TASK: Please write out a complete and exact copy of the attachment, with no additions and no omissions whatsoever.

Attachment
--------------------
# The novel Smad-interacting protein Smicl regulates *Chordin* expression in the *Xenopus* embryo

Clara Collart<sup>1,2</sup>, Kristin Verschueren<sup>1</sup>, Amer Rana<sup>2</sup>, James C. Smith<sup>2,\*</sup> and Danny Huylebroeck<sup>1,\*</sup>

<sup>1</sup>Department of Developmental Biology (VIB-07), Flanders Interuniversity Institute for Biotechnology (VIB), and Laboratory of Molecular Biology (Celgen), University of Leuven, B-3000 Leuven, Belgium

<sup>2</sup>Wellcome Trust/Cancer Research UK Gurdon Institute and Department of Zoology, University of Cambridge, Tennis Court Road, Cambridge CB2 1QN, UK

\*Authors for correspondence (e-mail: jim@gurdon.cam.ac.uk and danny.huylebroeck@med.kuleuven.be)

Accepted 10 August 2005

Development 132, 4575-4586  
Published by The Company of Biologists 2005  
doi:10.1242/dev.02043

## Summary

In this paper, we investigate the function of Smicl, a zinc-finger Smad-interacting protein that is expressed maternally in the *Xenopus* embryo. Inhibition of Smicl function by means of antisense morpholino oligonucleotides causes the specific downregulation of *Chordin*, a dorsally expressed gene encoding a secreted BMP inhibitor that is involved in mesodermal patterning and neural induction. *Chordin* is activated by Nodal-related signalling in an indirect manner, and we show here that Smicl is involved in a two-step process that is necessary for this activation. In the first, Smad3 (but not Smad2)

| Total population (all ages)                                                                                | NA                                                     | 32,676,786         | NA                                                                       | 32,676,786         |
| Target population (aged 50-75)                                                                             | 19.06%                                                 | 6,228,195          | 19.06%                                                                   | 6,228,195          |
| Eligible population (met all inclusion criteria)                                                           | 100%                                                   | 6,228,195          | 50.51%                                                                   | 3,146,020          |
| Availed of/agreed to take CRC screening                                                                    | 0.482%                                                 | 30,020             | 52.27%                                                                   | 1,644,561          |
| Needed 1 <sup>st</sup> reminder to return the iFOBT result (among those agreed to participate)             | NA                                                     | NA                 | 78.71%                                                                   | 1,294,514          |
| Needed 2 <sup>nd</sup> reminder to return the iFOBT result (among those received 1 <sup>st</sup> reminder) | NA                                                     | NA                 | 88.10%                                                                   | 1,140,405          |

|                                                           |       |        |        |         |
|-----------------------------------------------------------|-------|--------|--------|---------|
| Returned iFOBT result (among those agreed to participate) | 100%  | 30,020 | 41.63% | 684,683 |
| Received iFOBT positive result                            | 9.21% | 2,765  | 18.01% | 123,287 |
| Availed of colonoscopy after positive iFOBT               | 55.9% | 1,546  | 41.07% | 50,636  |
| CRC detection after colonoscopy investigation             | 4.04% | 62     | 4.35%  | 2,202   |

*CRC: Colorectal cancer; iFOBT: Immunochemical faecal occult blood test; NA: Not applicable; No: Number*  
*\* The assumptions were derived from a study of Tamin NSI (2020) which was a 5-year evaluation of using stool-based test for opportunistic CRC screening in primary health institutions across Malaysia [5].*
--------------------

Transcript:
# The novel Smad-interacting protein Smicl regulates *Chordin* expression in the *Xenopus* embryo

Clara Collart<sup>1,2</sup>, Kristin Verschueren<sup>1</sup>, Amer Rana<sup>2</sup>, James C. Smith<sup>2,\*</sup> and Danny Huylebroeck<sup>1,\*</sup>

<sup>1</sup>Department of Developmental Biology (VIB-07), Flanders Interuniversity Institute for Biotechnology (VIB), and Laboratory of Molecular Biology (Celgen), University of Leuven, B-3000 Leuven, Belgium

<sup>2</sup>Wellcome Trust/Cancer Research UK Gurdon Institute and Department of Zoology, University of Cambridge, Tennis Court Road, Cambridge CB2 1QN, UK

\*Authors for correspondence (e-mail: jim@gurdon.cam.ac.uk and danny.huylebroeck@med.kuleuven.be)

Accepted 10 August 2005

Development 132, 4575-4586  
Published by The Company of Biologists 2005  
doi:10.1242/dev.02043

## Summary

In this paper, we investigate the function of Smicl, a zinc-finger Smad-interacting protein that is expressed maternally in the *Xenopus* embryo. Inhibition of Smicl function by means of antisense morpholino oligonucleotides causes the specific downregulation of *Chordin*, a dorsally expressed gene encoding a secreted BMP inhibitor that is involved in mesodermal patterning and neural induction. *Chordin* is activated by Nodal-related signalling in an indirect manner, and we show here that Smicl is involved in a two-step process that is necessary for this activation. In the first, Smad3 (but not Smad2)

| Total population (all ages)                                                                                | NA                                                     | 32,676,786         | NA                                                                       | 32,676,786         |
| Target population (aged 50-75)                                                                             | 19.06%                                                 | 6,228,195          | 19.06%                                                                   | 6,228,195          |
| Eligible population (met all inclusion criteria)                                                           | 100%                                                   | 6,228,195          | 50.51%                                                                   | 3,146,020          |
| Availed of/agreed to take CRC screening                                                                    | 0.482%                                                 | 30,020             | 52.27%                                                                   | 1,644,561          |
| Needed 1 <sup>st</sup> reminder to return the iFOBT result (among those agreed to participate)             | NA                                                     | NA                 | 78.71%                                                                   | 1,294,514          |
| Needed 2 <sup>nd</sup> reminder to return the iFOBT result (among those received 1 <sup>st</sup> reminder) | NA                                                     | NA                 | 88.10%                                                                   | 1,140,405          |

|                                                           |       |        |        |         |
|-----------------------------------------------------------|-------|--------|--------|---------|
| Returned iFOBT result (among those agreed to participate) | 100%  | 30,020 | 41.63% | 684,683 |
| Received iFOBT positive result                            | 9.21% | 2,765  | 18.01% | 123,287 |
| Availed of colonoscopy after positive iFOBT               | 55.9% | 1,546  | 41.07% | 50,636  |
| CRC detection after colonoscopy investigation             | 4.04% | 62     | 4.35%  | 2,202   |

*CRC: Colorectal cancer; iFOBT: Immunochemical faecal occult blood test; NA: Not applicable; No: Number*  
*\* The assumptions were derived from a study of Tamin NSI (2020) which was a 5-year evaluation of using stool-based test for opportunistic CRC screening in primary health institutions across Malaysia [5].*